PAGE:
Daqarta
Data AcQuisition And Real-Time Analysis
Scope - Spectrum - Spectrogram - Signal Generator
Software for Windows
Science with your Sound Card!
The following is from the Daqarta Help system:

Features:

Oscilloscope

Spectrum Analyzer

8-Channel
Signal Generator

(Absolutely FREE!)

Spectrogram

Pitch Tracker

Pitch-to-MIDI

DaqMusiq Generator
(Free Music... Forever!)

Engine Simulator

LCR Meter

Remote Operation

DC Measurements

True RMS Voltmeter

Sound Level Meter

Frequency Counter
    Period
    Event
    Spectral Event

    Temperature
    Pressure
    MHz Frequencies

Data Logger

Waveform Averager

Histogram

Post-Stimulus Time
Histogram (PSTH)

THD Meter

IMD Meter

Precision Phase Meter

Pulse Meter

Macro System

Multi-Trace Arrays

Trigger Controls

Auto-Calibration

Spectral Peak Track

Spectrum Limit Testing

Direct-to-Disk Recording

Accessibility

Applications:

Frequency response

Distortion measurement

Speech and music

Microphone calibration

Loudspeaker test

Auditory phenomena

Musical instrument tuning

Animal sound

Evoked potentials

Rotating machinery

Automotive

Product test

Contact us about
your application!

Magnitude via Vector Sum

It often happens that we can't directly measure the amplitude and phase angle of a sinusoid, but instead we measure its sine and cosine "component" amplitudes. In the sine wave clock example we measured the sine component of the clock face (the height of the hand's pointer) to get our sine waveform. The cosine component is measured similarly, as the length of the "shadow" of the hand on the horizontal axis:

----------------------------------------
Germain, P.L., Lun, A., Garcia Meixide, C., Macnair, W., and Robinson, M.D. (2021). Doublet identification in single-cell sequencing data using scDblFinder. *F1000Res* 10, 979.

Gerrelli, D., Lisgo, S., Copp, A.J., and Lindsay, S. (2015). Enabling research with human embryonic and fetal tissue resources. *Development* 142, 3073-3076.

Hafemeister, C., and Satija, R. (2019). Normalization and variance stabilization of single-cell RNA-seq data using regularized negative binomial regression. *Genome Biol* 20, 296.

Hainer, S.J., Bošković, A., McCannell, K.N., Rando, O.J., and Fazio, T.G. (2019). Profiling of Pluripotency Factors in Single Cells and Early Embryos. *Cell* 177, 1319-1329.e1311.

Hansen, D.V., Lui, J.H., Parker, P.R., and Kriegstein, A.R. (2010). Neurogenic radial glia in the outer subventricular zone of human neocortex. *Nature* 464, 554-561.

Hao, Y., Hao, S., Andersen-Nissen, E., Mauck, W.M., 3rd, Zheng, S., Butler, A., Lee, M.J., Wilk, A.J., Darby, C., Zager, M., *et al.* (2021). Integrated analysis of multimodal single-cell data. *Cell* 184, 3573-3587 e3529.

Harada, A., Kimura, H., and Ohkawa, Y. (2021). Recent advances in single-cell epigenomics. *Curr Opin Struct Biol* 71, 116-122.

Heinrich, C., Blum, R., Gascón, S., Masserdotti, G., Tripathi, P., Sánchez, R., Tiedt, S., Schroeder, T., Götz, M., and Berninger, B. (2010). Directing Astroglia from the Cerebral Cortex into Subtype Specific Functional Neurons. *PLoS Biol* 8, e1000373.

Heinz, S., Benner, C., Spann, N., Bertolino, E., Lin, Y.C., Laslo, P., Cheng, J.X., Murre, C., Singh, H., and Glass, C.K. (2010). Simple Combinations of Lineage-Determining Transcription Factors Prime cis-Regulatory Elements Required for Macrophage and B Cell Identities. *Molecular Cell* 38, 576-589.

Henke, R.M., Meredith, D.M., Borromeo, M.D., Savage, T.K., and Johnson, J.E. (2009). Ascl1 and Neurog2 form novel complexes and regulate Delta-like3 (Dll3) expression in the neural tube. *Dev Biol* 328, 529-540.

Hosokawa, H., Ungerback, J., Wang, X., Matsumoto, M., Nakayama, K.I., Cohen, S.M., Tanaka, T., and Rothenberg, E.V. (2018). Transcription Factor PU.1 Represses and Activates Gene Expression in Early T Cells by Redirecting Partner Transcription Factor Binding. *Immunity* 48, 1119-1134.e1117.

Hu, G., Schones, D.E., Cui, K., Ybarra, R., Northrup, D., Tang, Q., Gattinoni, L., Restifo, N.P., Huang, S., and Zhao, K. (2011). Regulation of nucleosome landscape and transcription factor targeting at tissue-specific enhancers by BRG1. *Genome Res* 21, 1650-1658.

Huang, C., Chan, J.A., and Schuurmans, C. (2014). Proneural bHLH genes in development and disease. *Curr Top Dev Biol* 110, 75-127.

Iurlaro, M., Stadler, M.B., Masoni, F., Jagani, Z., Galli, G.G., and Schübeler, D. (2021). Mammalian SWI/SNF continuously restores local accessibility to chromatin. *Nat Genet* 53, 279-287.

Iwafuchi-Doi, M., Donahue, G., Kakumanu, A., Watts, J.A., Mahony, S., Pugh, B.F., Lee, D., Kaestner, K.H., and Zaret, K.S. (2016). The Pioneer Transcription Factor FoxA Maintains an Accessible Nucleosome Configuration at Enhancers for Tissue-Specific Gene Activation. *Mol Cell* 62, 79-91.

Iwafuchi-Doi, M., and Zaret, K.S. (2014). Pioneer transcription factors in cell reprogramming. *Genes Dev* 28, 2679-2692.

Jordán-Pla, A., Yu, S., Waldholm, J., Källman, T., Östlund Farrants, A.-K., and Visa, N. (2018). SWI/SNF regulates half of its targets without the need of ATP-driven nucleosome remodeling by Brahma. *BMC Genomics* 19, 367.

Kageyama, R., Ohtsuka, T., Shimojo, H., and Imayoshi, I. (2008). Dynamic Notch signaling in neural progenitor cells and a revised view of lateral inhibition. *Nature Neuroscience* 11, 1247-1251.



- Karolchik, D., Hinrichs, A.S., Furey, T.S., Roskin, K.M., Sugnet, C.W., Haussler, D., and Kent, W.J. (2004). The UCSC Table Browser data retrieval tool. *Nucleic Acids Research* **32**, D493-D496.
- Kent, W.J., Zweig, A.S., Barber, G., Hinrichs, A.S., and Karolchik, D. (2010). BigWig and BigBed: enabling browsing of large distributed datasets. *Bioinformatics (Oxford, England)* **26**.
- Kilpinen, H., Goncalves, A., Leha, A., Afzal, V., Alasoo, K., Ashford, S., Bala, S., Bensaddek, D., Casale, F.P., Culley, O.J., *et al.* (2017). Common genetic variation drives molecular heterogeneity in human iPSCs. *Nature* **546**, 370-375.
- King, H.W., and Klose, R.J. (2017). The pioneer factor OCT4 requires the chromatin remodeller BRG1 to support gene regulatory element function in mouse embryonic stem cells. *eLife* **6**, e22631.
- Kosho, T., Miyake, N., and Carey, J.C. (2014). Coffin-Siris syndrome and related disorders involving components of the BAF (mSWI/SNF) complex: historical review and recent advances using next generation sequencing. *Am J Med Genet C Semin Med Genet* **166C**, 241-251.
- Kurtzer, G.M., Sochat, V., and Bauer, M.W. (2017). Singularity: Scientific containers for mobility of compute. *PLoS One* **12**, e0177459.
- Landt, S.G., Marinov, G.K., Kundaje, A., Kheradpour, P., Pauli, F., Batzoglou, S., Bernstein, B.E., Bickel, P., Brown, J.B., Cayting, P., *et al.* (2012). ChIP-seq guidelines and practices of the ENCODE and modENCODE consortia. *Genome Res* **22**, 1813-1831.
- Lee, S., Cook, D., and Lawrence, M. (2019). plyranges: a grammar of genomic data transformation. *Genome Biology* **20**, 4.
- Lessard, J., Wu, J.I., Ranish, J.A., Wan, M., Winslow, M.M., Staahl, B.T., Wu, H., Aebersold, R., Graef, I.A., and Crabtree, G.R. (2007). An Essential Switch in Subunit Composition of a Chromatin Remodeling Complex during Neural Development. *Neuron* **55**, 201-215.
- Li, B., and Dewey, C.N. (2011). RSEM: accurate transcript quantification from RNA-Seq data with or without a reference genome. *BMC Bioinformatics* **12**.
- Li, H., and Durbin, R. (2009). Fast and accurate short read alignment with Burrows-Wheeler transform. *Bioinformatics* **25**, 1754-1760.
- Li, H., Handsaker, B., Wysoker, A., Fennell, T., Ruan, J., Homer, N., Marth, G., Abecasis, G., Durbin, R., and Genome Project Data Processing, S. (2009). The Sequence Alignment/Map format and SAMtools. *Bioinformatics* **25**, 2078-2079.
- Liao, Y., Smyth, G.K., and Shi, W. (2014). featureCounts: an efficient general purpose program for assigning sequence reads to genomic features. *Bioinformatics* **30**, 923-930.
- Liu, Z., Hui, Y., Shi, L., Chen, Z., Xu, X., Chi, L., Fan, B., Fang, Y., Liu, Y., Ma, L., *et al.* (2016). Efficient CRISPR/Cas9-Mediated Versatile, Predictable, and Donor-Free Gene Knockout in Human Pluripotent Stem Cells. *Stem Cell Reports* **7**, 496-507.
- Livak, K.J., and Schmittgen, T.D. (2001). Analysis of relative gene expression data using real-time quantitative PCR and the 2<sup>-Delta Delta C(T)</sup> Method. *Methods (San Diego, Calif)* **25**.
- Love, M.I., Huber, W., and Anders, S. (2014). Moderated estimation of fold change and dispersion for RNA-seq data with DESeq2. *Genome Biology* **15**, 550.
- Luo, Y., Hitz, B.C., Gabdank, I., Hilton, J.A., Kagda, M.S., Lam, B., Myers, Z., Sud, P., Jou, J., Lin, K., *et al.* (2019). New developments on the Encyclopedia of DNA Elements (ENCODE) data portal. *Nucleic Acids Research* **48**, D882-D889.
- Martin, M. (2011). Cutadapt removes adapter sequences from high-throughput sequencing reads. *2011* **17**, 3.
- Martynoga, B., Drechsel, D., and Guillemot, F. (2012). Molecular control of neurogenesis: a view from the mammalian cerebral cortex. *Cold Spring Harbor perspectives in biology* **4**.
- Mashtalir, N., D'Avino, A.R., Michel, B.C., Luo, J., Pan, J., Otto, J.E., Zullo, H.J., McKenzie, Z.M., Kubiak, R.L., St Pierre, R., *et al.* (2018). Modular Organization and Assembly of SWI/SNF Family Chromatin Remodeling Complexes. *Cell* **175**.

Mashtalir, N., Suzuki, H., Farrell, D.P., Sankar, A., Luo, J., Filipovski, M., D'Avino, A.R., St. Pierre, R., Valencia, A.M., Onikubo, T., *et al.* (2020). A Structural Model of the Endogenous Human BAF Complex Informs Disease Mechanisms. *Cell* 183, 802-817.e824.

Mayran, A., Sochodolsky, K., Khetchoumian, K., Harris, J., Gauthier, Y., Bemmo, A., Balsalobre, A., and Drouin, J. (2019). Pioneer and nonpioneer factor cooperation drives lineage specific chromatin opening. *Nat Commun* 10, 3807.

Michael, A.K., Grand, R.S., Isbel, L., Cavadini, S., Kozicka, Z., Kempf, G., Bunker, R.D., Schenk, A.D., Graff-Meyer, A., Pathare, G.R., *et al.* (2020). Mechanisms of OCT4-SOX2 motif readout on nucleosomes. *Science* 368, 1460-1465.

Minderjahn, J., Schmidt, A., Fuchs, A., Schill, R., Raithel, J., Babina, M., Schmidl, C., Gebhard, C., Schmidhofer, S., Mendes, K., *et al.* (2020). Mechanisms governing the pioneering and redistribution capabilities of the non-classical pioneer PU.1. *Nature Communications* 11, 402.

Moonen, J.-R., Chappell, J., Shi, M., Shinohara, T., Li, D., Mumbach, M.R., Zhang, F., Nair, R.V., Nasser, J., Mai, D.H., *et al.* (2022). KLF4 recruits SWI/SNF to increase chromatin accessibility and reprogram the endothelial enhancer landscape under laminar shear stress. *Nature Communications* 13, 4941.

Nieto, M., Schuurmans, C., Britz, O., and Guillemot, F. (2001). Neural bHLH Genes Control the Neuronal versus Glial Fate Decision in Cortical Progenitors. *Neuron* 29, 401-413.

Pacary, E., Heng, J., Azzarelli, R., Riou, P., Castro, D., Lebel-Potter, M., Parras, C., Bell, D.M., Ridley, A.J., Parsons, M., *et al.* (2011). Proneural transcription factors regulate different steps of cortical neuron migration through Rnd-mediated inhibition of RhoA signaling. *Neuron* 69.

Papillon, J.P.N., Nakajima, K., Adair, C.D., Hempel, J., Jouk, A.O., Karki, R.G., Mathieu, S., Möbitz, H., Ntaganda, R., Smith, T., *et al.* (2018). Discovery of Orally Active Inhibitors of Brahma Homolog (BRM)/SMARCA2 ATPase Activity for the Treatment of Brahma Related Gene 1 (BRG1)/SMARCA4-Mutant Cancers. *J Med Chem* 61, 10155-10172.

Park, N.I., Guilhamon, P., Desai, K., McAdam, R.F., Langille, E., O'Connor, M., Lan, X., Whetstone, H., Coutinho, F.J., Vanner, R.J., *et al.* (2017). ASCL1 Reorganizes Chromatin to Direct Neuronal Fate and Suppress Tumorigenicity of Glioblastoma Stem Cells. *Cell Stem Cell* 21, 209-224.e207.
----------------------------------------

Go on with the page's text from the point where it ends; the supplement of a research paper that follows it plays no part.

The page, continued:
We can thus find the true amplitude or "magnitude" as the hypotenuse of this right triangle by taking the square root of the sum of the squares of the sine and cosine components. This is called the "vector sum" of the components. Similarly, we can find the phase as the angle whose tangent is equal to the sine component divided by the cosine component.

The sine and cosine components are often referred to as the "in-phase" and "quadrature" components, especially in discussions of older analog methods. Engineering math types prefer to use "real" for the cosine component and "imaginary" for the sine component, corresponding to a wonderfully intimidating exponential expression called "complex notation", perfect for casual dining conversation and impressing uninitiated audiences.


See also Sine Wave Basics, Sine Wave Phase, Making Waves via Sine Wave Synthesis

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